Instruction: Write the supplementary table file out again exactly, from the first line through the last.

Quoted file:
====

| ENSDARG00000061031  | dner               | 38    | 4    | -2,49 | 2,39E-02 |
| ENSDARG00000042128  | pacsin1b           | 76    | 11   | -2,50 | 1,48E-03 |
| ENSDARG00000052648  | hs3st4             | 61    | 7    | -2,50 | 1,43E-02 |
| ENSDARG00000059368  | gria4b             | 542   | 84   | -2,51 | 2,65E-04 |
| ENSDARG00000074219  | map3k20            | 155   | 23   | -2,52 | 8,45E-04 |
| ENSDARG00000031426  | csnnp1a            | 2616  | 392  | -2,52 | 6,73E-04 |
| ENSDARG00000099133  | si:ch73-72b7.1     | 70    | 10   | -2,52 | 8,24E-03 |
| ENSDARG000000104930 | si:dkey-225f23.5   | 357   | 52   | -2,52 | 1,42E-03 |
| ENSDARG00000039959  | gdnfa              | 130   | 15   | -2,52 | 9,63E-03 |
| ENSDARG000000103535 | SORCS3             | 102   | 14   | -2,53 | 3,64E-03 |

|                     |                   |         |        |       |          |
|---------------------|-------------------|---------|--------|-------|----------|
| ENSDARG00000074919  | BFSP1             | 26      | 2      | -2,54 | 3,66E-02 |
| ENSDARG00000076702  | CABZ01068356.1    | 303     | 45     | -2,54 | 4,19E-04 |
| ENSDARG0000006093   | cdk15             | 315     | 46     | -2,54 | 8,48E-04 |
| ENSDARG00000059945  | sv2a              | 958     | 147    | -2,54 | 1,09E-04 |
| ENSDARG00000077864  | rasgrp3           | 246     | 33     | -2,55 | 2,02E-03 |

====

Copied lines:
| ENSDARG00000061031  | dner               | 38    | 4    | -2,49 | 2,39E-02 |
| ENSDARG00000042128  | pacsin1b           | 76    | 11   | -2,50 | 1,48E-03 |
| ENSDARG00000052648  | hs3st4             | 61    | 7    | -2,50 | 1,43E-02 |
| ENSDARG00000059368  | gria4b             | 542   | 84   | -2,51 | 2,65E-04 |
| ENSDARG00000074219  | map3k20            | 155   | 23   | -2,52 | 8,45E-04 |
| ENSDARG00000031426  | csnnp1a            | 2616  | 392  | -2,52 | 6,73E-04 |
| ENSDARG00000099133  | si:ch73-72b7.1     | 70    | 10   | -2,52 | 8,24E-03 |
| ENSDARG000000104930 | si:dkey-225f23.5   | 357   | 52   | -2,52 | 1,42E-03 |
| ENSDARG00000039959  | gdnfa              | 130   | 15   | -2,52 | 9,63E-03 |
| ENSDARG000000103535 | SORCS3             | 102   | 14   | -2,53 | 3,64E-03 |

|                     |                   |         |        |       |          |
|---------------------|-------------------|---------|--------|-------|----------|
| ENSDARG00000074919  | BFSP1             | 26      | 2      | -2,54 | 3,66E-02 |
| ENSDARG00000076702  | CABZ01068356.1    | 303     | 45     | -2,54 | 4,19E-04 |
| ENSDARG0000006093   | cdk15             | 315     | 46     | -2,54 | 8,48E-04 |
| ENSDARG00000059945  | sv2a              | 958     | 147    | -2,54 | 1,09E-04 |
| ENSDARG00000077864  | rasgrp3           | 246     | 33     | -2,55 | 2,02E-03 |